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OK, so because of an unfortunate accident, fuzzywolly's thread "The Fading Glock" was deleted and I believe that this is relevant and important enough to make a new thread about it. Moderators if you do not like this feel free to delete. However this applies to everyone and I think that every one should learn about this.

This is Taken from the Airsoft Outlet NW homepage.

URL:http://www.airsoftoutletnw.com/index.php/Industry-SITREP/The-State-of-the-Airsoft-Industry.html

"When you meet someone new and try to explain to them what Airsoft is, what do you say?

* "Airsoft..." are those clear spring guns to shoot vermin with
* is just another game my friends and I play in the backyard
* is like Paintball
* is Military Simulation
* is a training tool

Regardless of what you say, the fact of the matter is that our humble Airsoft industry is slowly emerging into the limelight and is attracting a lot of attention, not only from the media and general public, but from the firearms industry as well. Granted, some may look at this as a "coming of age" for Airsoft while others see it as trouble on the horizon.

One reason why I'm cautious to embrace this sudden popularity is because of the firearms industry. Gun manufacturers are beginning to take heed to Airsoft's rise in popularity; not only has Glock nixed the entire market of their replicas, but now Heckler & Koch is slapping retailers and distributors that carry HK replicas (in particular the G36 series) with Trade Dress violations. If you haven't noticed already, the CA36 from Classic Army, KWA's KG36, and the Echo1 X36 are becoming harder to find. The only company that is selling HK AEG's is Ares, who buys the license from UMAREX. In a nutshell, HK is on a legal warpath against Airsoft retailers and distributors (source) and is forcing companies through UMAREX, which sells lower quality replicas. Heckler & Koch has every right to do this, but we hope that Classic Army, KWA, and Echo1 can come to an agreement with HK. Otherwise the US market may be stuck with another Cybergun-esque company that charges a ridiculous amount for a marginal G36 replica.

Another rumor that is turning heads in the Airsoft industry is that FN Herstal may also pursue Trademark/Trade Dress violations against retailers and distributors. Which means that in 2010 we may see limited availability on SCAR's, the unreleased FN2000, and P90 replicas.

What escapes me is how Glock, Heckler & Koch, and FN Herstal do not grasp the fundamental flaw of going after their own customers. They shouldn't consider the Airsoft industry as a competitor, but an investment. These manufacturers should look at the relationship that Hot Wheels and Chevrolet have and embrace Airsoft as something that can benefit them. How can they fail to see the immense marketing opportunity in Airsoft? Do they not realize that an adolescent is more likely to purchase a familiar brand when they're older? (i.e. when they can purchase a real firearm)

"Marketers plant the seeds of brand recognition in very young children, in the hopes that the seeds will grow into lifetime relationships." (Media Awarness) We have already seen many individuals who, when shopping for a first handgun, or a first rifle, or a new AR15, prefer the models and companies that they're familiar with. When a young man who has used a glock Airsoft replica for years turns 21 he will look first at Glock handguns because he is already familiar with the controls, function, and feel of these handguns. As long as firearm and parts manufacturers take care to associate with high quality replica companies, their name and brand image will only be enhanced by the additional exposure.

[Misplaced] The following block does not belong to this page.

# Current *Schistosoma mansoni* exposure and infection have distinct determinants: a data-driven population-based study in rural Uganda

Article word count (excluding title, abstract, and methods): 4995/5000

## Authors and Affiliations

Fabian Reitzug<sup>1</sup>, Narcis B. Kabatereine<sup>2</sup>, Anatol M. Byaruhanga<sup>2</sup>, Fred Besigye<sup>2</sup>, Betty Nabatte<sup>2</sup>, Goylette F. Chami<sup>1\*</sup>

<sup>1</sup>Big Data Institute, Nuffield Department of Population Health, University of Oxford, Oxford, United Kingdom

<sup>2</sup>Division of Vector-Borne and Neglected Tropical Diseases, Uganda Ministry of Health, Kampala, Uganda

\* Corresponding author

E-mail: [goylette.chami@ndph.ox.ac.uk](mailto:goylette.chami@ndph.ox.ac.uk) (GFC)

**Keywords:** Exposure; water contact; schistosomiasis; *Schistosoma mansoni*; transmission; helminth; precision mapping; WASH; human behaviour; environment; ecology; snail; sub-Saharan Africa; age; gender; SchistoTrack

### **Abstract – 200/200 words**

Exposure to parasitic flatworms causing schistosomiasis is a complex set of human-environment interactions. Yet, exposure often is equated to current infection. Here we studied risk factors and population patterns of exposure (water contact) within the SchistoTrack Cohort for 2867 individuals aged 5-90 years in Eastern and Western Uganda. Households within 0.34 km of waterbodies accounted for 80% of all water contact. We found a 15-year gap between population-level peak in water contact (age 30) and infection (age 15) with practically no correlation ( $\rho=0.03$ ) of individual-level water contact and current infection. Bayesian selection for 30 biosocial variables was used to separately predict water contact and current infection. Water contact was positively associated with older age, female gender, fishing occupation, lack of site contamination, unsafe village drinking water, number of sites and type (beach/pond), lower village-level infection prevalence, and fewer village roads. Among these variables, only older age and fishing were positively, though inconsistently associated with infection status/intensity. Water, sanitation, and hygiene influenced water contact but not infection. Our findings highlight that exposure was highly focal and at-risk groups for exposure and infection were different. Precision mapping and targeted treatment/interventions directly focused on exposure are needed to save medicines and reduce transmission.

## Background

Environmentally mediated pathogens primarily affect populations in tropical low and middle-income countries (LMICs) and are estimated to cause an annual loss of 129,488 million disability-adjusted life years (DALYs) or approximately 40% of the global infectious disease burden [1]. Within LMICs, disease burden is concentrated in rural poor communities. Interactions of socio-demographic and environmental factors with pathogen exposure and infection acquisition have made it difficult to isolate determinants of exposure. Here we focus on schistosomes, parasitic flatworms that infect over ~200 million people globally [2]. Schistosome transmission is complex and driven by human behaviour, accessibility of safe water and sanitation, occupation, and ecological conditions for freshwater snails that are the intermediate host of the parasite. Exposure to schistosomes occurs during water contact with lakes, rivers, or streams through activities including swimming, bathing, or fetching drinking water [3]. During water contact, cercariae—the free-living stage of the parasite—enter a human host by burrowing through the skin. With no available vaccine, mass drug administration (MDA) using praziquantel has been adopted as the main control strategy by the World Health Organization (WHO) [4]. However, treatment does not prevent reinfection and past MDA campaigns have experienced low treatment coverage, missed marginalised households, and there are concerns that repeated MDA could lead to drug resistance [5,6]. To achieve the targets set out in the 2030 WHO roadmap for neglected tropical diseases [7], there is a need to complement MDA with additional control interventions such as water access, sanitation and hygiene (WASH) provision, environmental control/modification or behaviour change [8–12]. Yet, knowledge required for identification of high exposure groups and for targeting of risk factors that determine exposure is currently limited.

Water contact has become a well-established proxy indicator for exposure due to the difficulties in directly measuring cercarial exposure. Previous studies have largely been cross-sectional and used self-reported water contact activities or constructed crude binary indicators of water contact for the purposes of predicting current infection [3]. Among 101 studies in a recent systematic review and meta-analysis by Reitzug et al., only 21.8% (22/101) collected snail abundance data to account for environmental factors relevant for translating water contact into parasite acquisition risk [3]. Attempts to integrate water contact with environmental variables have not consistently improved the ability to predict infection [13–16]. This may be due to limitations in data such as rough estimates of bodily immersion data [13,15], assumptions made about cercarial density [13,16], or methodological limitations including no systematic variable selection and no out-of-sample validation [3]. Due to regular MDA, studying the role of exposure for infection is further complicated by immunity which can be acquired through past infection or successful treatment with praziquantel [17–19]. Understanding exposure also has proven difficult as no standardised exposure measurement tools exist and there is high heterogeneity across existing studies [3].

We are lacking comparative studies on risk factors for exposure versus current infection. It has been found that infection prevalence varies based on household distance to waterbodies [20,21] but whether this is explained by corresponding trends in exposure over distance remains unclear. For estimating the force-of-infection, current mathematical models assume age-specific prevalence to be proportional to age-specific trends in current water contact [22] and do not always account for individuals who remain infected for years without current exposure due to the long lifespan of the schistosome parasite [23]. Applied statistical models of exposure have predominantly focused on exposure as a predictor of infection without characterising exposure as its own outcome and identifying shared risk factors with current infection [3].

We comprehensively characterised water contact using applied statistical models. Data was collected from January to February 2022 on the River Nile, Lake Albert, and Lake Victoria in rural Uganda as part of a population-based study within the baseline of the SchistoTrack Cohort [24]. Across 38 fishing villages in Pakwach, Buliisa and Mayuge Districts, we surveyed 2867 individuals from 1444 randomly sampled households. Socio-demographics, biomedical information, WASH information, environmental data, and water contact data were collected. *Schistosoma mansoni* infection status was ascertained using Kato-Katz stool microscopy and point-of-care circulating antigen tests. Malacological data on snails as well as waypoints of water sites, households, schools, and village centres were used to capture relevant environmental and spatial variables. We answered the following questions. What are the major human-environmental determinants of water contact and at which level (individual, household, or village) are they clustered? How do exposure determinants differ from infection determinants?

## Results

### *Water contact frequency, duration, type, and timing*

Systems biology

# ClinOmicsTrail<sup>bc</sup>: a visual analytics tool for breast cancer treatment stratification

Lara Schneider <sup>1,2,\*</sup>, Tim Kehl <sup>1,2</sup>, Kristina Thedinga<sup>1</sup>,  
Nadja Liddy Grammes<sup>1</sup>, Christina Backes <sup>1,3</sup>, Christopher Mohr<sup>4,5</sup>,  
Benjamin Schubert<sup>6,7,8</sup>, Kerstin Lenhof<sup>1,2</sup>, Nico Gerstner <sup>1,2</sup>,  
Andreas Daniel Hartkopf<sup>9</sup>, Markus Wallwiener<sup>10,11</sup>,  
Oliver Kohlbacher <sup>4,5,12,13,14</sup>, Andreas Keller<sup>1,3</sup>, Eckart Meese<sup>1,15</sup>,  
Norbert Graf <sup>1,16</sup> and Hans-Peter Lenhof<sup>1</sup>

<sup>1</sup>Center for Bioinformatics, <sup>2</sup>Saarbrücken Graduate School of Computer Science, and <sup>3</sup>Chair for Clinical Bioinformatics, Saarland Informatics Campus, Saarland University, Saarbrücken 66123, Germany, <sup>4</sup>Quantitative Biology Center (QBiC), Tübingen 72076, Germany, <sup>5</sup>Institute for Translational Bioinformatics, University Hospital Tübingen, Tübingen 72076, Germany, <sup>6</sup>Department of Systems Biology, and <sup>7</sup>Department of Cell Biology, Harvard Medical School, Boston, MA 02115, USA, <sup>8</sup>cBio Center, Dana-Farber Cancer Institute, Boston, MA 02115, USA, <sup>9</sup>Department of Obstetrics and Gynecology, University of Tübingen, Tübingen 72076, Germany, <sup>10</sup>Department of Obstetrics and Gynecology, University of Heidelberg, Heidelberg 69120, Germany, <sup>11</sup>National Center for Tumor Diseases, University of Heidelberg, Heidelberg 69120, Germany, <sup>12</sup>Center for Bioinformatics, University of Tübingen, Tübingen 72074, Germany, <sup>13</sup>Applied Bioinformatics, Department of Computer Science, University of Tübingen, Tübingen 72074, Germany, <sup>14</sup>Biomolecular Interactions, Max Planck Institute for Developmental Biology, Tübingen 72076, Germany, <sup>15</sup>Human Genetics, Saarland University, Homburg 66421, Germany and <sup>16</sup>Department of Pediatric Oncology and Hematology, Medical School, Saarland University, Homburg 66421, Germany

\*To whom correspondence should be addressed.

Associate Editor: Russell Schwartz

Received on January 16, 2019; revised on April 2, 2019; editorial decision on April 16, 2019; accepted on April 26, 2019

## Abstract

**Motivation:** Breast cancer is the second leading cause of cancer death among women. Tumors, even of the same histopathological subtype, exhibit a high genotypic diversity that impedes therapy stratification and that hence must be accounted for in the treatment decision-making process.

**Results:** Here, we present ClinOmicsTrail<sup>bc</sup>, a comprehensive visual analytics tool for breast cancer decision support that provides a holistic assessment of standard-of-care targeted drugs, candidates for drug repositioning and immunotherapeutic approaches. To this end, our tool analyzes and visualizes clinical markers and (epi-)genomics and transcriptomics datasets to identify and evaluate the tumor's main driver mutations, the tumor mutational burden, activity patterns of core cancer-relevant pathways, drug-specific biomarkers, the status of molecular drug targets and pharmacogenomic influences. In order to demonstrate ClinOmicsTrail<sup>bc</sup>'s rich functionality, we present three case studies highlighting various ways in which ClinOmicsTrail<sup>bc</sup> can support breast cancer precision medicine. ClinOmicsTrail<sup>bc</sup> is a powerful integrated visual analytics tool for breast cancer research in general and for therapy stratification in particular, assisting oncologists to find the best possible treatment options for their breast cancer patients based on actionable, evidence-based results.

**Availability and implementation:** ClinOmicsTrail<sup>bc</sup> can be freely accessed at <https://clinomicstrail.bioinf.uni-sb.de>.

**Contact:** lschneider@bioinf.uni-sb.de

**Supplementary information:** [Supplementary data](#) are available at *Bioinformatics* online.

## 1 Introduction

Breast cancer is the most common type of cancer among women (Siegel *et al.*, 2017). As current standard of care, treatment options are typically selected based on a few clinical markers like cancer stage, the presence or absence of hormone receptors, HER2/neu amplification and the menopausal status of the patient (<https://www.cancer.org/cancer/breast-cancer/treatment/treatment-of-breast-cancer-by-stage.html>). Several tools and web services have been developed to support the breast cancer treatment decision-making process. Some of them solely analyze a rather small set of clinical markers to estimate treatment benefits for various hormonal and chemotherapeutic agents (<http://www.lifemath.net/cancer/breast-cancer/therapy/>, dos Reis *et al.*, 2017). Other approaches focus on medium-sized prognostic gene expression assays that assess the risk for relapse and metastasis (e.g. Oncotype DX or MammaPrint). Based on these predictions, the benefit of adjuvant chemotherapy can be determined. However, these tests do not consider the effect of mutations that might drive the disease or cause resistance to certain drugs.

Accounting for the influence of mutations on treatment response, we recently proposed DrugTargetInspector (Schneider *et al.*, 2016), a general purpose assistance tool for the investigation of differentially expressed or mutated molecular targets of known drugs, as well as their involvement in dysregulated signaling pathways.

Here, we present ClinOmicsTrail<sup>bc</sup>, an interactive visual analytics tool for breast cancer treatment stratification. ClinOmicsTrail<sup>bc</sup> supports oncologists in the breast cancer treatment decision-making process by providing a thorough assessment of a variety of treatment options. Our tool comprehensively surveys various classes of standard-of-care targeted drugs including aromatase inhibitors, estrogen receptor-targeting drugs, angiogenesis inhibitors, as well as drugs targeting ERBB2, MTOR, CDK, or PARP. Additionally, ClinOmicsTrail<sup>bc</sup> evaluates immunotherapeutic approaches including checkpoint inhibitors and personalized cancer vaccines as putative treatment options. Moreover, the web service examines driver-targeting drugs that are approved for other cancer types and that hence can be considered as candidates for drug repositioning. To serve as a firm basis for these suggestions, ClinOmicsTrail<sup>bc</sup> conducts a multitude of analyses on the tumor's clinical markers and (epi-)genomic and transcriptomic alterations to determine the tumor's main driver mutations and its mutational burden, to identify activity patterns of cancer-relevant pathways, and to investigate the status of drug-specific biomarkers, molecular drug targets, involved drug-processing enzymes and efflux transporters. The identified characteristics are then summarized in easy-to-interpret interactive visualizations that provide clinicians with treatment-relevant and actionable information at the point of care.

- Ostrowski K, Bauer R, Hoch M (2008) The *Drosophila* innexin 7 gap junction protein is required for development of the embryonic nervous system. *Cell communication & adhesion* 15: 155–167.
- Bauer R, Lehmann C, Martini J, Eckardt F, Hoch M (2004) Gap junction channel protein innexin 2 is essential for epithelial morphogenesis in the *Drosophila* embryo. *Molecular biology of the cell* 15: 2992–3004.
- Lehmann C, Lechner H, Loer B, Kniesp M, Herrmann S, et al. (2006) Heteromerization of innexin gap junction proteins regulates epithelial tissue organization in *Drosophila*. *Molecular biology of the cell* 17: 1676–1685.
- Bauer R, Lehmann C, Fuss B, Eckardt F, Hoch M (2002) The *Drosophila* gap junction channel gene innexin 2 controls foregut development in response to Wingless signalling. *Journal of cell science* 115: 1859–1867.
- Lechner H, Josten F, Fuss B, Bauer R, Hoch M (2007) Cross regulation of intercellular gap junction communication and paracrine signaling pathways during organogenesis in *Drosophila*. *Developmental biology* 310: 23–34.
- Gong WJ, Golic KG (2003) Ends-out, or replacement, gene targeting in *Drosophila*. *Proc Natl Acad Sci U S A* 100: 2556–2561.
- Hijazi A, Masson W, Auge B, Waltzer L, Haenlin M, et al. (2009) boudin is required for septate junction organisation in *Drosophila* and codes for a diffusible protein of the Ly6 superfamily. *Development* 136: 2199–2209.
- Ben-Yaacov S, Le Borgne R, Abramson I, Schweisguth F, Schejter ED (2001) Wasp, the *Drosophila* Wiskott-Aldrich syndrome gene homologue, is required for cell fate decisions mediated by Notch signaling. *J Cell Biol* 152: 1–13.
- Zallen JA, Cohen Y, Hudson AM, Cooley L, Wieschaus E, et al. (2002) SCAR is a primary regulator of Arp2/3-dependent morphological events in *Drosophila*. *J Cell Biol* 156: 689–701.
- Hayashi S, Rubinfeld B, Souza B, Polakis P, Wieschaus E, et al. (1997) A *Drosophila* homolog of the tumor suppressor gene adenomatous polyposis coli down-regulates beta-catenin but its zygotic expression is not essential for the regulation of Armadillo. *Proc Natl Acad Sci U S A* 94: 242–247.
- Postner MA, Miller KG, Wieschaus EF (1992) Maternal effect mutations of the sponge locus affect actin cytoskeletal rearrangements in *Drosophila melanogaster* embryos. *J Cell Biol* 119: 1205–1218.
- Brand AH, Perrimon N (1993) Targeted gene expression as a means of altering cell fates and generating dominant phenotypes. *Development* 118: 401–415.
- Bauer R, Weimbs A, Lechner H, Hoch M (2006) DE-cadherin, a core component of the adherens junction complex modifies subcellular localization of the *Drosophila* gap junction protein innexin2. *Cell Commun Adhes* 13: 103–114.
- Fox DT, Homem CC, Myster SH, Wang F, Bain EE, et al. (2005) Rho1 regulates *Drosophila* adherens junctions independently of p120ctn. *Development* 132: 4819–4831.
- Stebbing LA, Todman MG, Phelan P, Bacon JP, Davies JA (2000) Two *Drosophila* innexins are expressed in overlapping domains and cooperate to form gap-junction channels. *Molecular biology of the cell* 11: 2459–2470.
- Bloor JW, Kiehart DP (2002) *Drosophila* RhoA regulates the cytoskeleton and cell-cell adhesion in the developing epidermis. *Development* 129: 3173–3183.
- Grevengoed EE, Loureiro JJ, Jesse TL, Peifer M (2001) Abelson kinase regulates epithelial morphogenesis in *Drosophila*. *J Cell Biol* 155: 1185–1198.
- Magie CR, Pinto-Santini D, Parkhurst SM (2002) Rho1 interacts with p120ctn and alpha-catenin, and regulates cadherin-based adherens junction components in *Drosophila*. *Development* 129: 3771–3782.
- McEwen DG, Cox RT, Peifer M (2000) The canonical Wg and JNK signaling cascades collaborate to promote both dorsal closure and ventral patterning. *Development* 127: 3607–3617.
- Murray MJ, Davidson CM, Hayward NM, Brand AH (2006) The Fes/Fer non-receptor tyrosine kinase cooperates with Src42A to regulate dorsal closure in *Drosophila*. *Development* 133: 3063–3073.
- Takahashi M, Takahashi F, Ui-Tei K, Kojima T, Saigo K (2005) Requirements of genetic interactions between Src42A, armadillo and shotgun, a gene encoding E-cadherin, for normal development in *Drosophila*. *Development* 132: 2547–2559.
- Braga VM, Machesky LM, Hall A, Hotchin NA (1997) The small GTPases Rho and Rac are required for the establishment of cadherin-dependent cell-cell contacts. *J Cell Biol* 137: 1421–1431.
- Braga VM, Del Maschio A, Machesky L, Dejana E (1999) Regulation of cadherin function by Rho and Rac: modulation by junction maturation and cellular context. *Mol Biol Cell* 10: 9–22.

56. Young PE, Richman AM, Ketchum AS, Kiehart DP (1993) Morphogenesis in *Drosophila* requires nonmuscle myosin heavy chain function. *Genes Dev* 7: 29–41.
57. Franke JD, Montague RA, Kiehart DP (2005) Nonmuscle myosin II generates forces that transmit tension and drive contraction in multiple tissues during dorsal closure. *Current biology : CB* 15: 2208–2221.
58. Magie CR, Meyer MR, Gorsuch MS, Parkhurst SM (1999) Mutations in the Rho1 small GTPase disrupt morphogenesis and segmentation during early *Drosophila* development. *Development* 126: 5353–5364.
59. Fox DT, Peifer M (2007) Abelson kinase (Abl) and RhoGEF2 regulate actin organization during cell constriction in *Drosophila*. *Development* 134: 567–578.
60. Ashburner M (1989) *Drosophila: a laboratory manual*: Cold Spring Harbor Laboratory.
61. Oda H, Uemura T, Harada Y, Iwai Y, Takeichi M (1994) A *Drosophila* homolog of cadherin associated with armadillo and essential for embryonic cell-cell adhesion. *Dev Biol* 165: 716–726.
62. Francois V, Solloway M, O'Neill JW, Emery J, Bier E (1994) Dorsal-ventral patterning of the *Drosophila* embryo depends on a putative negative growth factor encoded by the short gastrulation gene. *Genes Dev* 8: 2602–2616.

Firearm and firearm component manufacturers have every right to ensure that their name is not being infringed upon, but instead of looking at Airsoft as the enemy they should consider it an ally. The firearms companies that are doing it right are MAGPUL, Stag Arms, Noveske, JP-Enterprises, Barrett, Gemtech, PWS, LWRCI, B&T, Arsenal, Armalite, SAR, Steyr, and Daniel Defense; these brands have pursued agreements with high quality Airsoft manufacturers without charging an exorbitant amount of money for their name.

Although I personally own and love DPMS and SIG SAUER firearms, their laizzes-faire approach to licensing allows Cybergun to charge a price inflating premium to any company for the use of S&W, UZI, DPMS, Taurus, et al. Though Cybergun currently has the license to use these trademarks, their tactic of branding the cheapest replicas possible does not reflect well on Airsoft in general or the original firearm manufacturers.

Firearms manufacturers should look at MAGPUL for an example of an effective and profitable way to handle the Airsoft industry. As far as I can tell, MAGPUL is the first company to see the potential in Airsoft and fully embrace it. When they heard that A&K was manufacturing the MASADA they didn't completely shut them down, but licensed the product at a reasonable rate. Additionally, MAGPUL manufactures many of their own products specifically for the Airsoft market. This two pronged tactic of pursuing illegal replicas while producing and licensing a full line of authorized products has many benefits. Airsoft players, firearms enthusiasts, and law enforcement agencies all benefit from having quality parts available, while MAGPUL maintains their reputation for quality, and turns a profit in doing so.